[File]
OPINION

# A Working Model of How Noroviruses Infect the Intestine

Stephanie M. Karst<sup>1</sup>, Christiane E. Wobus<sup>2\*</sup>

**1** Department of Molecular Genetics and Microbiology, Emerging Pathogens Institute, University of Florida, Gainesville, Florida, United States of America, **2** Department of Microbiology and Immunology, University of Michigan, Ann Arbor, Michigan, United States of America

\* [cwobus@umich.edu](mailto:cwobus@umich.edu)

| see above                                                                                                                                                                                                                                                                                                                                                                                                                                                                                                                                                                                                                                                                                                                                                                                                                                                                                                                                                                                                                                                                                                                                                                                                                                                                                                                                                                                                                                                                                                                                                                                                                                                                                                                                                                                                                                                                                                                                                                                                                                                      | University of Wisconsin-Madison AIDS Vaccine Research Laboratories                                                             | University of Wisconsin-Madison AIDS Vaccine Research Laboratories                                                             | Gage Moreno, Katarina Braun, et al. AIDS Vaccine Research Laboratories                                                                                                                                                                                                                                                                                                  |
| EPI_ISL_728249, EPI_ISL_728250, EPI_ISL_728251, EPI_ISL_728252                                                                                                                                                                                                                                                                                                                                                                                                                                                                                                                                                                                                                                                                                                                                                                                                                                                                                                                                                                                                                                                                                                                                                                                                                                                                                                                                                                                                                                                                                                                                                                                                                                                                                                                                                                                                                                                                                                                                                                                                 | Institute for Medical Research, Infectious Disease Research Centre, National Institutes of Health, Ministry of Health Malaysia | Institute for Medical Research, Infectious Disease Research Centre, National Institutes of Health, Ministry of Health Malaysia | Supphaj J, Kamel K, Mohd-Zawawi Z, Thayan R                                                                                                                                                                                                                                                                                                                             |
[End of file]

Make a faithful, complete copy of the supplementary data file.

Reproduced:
OPINION

# A Working Model of How Noroviruses Infect the Intestine

Stephanie M. Karst<sup>1</sup>, Christiane E. Wobus<sup>2\*</sup>

**1** Department of Molecular Genetics and Microbiology, Emerging Pathogens Institute, University of Florida, Gainesville, Florida, United States of America, **2** Department of Microbiology and Immunology, University of Michigan, Ann Arbor, Michigan, United States of America

\* [cwobus@umich.edu](mailto:cwobus@umich.edu)

| see above                                                                                                                                                                                                                                                                                                                                                                                                                                                                                                                                                                                                                                                                                                                                                                                                                                                                                                                                                                                                                                                                                                                                                                                                                                                                                                                                                                                                                                                                                                                                                                                                                                                                                                                                                                                                                                                                                                                                                                                                                                                      | University of Wisconsin-Madison AIDS Vaccine Research Laboratories                                                             | University of Wisconsin-Madison AIDS Vaccine Research Laboratories                                                             | Gage Moreno, Katarina Braun, et al. AIDS Vaccine Research Laboratories                                                                                                                                                                                                                                                                                                  |
| EPI_ISL_728249, EPI_ISL_728250, EPI_ISL_728251, EPI_ISL_728252                                                                                                                                                                                                                                                                                                                                                                                                                                                                                                                                                                                                                                                                                                                                                                                                                                                                                                                                                                                                                                                                                                                                                                                                                                                                                                                                                                                                                                                                                                                                                                                                                                                                                                                                                                                                                                                                                                                                                                                                 | Institute for Medical Research, Infectious Disease Research Centre, National Institutes of Health, Ministry of Health Malaysia | Institute for Medical Research, Infectious Disease Research Centre, National Institutes of Health, Ministry of Health Malaysia | Supphaj J, Kamel K, Mohd-Zawawi Z, Thayan R                                                                                                                                                                                                                                                                                                                             |